I don’t like making New Year’s Resolutions. I think they’re stupid. If you want to make a change in your life (actually want it), why wait until the first of January? But that doesn’t mean I don’t make them. I do. Every year. One or two, and I almost always fail to keep them, like the vast majority of the world. I always say I’ll exercise more – in the beginning of 2012, I kept that all the way through the end of February. In 2012, I made the only New Year’s Resolution I’ve ever kept – to read 52 books over the year. I did that in 2012, and I did it again in 2013, and I plan to do it again in 2014. But not as a resolution, but because now I’ve gotten into the habit of reading a book a week. Obviously, when it comes to finals week and show week and other stressful weeks, I don’t find the time to read an entire book. But then there are times, like summer and Christmas, when I’ve got more time than I know what to do with and I read a book a day. And, obviously, some of these are re-reads, or children’s books, but sometimes they’re Murakami novels or classics like Pride and Prejudice or nonfiction about wars.
This year, I’m not making any big year-long resolutions, but I am making a little year-long resolution and a giant January resolution.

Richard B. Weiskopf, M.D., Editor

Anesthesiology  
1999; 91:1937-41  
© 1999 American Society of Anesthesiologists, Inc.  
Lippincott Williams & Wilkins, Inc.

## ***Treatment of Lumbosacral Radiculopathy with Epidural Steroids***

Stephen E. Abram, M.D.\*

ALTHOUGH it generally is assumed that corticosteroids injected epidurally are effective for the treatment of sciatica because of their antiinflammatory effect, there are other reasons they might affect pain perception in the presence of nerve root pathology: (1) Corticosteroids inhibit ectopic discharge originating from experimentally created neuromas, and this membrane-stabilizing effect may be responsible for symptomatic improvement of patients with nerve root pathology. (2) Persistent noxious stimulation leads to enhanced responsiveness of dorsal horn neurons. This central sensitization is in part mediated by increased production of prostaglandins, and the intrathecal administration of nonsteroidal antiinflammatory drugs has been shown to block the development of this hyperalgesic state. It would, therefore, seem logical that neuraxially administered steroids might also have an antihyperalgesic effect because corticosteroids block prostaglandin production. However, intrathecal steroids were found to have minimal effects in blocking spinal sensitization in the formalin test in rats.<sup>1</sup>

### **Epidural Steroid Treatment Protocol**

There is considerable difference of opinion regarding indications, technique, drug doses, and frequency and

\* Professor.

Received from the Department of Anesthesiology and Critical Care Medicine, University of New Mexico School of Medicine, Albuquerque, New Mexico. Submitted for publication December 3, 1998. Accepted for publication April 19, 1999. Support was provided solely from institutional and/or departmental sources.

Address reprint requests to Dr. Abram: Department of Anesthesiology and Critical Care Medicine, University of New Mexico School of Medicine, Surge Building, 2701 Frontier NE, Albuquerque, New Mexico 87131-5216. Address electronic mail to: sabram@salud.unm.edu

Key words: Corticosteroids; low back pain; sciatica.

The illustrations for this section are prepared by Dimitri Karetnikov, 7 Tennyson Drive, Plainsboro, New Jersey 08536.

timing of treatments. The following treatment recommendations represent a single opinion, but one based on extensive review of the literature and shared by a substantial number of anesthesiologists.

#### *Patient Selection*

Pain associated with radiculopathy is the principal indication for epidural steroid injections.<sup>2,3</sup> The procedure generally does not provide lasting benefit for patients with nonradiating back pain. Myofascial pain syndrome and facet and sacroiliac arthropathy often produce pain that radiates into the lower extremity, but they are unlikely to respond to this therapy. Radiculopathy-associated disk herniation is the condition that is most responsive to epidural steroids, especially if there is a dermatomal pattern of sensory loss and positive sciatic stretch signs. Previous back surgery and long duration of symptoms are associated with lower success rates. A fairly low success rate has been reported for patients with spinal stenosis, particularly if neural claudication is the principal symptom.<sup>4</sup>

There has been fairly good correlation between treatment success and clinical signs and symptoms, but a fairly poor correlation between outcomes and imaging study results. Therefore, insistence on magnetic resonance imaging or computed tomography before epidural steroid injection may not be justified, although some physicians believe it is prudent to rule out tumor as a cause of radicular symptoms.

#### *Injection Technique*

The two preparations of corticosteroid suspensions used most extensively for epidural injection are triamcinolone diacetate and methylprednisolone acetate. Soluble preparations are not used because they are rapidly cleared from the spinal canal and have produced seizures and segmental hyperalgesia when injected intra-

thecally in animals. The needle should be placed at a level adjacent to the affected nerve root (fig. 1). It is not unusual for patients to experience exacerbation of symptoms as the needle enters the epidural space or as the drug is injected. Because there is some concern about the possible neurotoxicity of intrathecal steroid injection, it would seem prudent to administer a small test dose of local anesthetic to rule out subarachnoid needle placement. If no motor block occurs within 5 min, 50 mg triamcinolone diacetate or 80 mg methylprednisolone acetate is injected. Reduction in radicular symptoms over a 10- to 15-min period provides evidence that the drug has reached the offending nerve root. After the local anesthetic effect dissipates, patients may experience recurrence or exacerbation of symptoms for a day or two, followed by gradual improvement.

1. 2014 – Learn something you want to share everyday. It doesn’t have to be big, it doesn’t have to be academic. It just has to be something I find exciting and want to share with someone. It could a single vocabulary word that is funny, or some new theory about the origin of the universe. It could be something silly about our favorite TV shows to share with my friends from home, or something intellectual to ponder over dinner with my dad. It doesn’t matter, but it has to exist.
I’m already full of random facts, that I share with people all the time. Sometimes in appropriate contexts, sometimes not so much. So maybe I’ll have 365 new facts at the end of the year. (In reality, we only remember about 1 in 10 things we learn, so maybe I’ll have 35 new facts to share.)
The impetus for this resolution is simple, really. I have always thought of myself as a learner. As I get older and people ask me what I want to do with my life, I don’t have any good answers for them. When I ask myself, I decide I want to learn every day. What better way to make sure I am doing that then to make sure I’ve learned something to share with someone every day? I don’t know what I’m doing with my life at this point, I don’t know what I’m going to be doing after I graduate, or even next summer. But I do know that I am in college to learn, and I’m in Prague to learn, and so that’s what I’m going to do. And that brings me to my second resolution – my January resolution